Indeed, he argues that “the most dangerous kind of autonomous vehicles are those that require human monitoring.” By allowing autonomous vehicles to operate truly autonomously, regulators will ensure that the U.S. is an environment in which this technology can reach its full potential.

Ensure cities are ready

The federal government should work more closely with policymakers and innovators at the local level to ensure that America’s cities are ready for autonomous vehicles. The spread of autonomous vehicles will necessitate significant adjustments to cities’ layouts and infrastructure, and urban planning processes can take years.

Yet to date, only 6 percent of U.S. cities are even factoring autonomous technology into their long-term transportation plans. This must change. The Smart City Challenge, a program announced last month by the U.S. Department of Transportation to encourage U.S. cities to modernize their infrastructure, is a good start.

These actions are all the more urgent given that several other countries, aware of the tremendous economic and social promise of autonomous vehicles, are making a concerted effort to lure the industry to their own territories.

U.K. government officials have met with Google executives at least five times in the past two years to discuss building out an autonomous vehicle presence in their country. According to records of the meetings, U.K. officials “emphasized [their] desire to work with Google to ensure the U.K. stays ahead” in autonomous technology.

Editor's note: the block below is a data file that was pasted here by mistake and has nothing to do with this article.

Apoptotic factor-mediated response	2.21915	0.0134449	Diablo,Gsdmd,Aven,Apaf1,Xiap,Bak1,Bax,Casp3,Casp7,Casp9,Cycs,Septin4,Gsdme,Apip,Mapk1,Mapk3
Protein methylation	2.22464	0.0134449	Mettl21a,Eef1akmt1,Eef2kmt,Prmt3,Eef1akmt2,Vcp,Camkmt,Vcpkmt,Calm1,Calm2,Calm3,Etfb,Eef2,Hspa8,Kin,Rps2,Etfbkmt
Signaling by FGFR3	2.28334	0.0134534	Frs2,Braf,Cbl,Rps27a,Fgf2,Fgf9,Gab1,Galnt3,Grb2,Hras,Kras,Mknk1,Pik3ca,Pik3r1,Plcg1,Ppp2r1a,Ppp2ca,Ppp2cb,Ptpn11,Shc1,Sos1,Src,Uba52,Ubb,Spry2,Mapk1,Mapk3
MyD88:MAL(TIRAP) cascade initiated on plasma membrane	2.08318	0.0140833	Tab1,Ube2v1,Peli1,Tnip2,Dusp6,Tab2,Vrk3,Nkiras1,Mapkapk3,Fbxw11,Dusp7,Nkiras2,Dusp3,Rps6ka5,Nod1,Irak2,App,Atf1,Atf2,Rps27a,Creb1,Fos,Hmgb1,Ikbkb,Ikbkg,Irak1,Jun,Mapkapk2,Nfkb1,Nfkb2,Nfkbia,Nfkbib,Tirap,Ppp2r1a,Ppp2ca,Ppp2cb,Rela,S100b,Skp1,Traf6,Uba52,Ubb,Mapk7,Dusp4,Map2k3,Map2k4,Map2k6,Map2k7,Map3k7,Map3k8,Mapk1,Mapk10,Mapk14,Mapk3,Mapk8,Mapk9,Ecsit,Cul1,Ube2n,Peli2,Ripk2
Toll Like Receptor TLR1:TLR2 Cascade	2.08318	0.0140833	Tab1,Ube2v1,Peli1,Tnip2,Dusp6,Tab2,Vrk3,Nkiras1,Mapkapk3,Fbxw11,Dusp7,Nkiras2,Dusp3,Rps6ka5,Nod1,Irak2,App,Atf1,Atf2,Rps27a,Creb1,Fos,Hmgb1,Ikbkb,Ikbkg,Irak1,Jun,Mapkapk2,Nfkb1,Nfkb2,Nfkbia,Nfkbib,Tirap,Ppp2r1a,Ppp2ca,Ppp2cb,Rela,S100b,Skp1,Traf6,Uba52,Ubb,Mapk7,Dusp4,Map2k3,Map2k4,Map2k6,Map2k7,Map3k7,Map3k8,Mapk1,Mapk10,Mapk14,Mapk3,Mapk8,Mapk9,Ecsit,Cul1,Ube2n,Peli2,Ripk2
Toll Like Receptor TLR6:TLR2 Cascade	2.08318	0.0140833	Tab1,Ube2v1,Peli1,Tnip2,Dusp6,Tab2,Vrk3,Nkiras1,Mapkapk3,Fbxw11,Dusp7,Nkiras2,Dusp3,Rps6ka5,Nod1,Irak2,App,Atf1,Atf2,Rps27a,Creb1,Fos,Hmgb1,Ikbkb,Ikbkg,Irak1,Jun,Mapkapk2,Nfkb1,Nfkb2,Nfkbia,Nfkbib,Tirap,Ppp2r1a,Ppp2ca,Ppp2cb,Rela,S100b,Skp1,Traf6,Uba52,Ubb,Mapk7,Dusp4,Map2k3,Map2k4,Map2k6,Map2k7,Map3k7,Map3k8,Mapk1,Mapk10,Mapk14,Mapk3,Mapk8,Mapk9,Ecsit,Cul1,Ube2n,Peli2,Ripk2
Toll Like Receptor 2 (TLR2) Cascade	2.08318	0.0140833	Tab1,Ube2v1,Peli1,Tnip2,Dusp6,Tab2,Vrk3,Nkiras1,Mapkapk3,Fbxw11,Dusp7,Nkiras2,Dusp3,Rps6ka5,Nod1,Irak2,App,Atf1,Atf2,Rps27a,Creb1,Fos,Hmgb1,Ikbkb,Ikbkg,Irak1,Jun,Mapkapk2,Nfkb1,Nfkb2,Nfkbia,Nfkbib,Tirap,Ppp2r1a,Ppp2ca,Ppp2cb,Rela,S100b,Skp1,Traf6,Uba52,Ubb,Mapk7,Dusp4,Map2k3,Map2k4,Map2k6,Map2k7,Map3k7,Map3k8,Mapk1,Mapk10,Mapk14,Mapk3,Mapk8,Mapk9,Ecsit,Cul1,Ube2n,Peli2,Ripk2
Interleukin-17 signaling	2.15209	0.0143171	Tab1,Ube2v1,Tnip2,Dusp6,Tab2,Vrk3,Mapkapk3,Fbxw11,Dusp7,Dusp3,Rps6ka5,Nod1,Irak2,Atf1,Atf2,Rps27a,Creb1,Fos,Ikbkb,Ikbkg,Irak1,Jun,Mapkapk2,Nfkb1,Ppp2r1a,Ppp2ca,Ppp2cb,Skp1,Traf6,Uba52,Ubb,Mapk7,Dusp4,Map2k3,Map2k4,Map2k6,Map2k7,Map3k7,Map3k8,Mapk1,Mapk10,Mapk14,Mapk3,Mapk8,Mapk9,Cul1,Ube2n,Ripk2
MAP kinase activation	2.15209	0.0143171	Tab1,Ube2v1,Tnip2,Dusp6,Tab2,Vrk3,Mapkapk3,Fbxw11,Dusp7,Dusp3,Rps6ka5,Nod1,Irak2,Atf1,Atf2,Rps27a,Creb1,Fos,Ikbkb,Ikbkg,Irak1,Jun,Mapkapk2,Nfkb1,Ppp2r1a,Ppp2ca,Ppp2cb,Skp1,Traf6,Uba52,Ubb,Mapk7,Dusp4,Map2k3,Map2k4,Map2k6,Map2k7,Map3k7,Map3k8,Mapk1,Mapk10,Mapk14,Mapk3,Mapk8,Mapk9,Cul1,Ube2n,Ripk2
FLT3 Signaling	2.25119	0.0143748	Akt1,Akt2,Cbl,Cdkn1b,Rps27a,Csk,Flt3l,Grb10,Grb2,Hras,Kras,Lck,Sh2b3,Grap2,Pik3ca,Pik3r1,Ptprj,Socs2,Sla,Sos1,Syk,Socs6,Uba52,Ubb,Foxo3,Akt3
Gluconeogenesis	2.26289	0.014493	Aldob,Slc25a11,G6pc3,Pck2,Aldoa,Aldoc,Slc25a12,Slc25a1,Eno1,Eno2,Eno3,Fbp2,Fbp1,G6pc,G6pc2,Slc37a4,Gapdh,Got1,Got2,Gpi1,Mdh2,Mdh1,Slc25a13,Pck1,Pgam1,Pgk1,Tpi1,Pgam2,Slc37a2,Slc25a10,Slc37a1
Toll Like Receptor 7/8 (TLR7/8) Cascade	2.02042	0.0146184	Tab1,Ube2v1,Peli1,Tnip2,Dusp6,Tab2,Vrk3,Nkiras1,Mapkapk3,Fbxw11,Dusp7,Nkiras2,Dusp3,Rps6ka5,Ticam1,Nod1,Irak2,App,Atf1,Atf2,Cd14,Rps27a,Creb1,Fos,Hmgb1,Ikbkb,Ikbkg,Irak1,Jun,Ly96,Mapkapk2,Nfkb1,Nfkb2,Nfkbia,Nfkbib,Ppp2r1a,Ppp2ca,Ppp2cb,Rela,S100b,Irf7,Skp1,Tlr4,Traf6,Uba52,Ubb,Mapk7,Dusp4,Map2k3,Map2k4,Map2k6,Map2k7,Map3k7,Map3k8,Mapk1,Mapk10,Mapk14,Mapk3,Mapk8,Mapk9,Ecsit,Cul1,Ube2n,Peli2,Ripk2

Perhaps more notably, Chinese technology giant Baidu (often called “the Google of China”) announced recently that it had successfully tested its first driverless car. Baidu has partnered with BMW to bring autonomous vehicles to market within the next few years.

Given the country’s political system, China’s government can enact a regulatory regime virtually instantaneously that is friendly to autonomous vehicle innovation and commercialization — and can devote immense resources to encouraging it. If U.S. regulators do not adopt policies that foster rather than hinder autonomous vehicle development, the epicenter of this technology may well soon shift from Silicon Valley and Detroit to China.

The vitality of the U.S. economy has long stemmed from our country’s unique ability to imagine and then commercialize “the next big thing” — from electricity to air travel, from the personal computer to the iPhone. U.S. policymakers and innovators must work together to ensure that America leads the way with the transformative technology of tomorrow: autonomous vehicles.

Featured Image: mato181/Shutterstock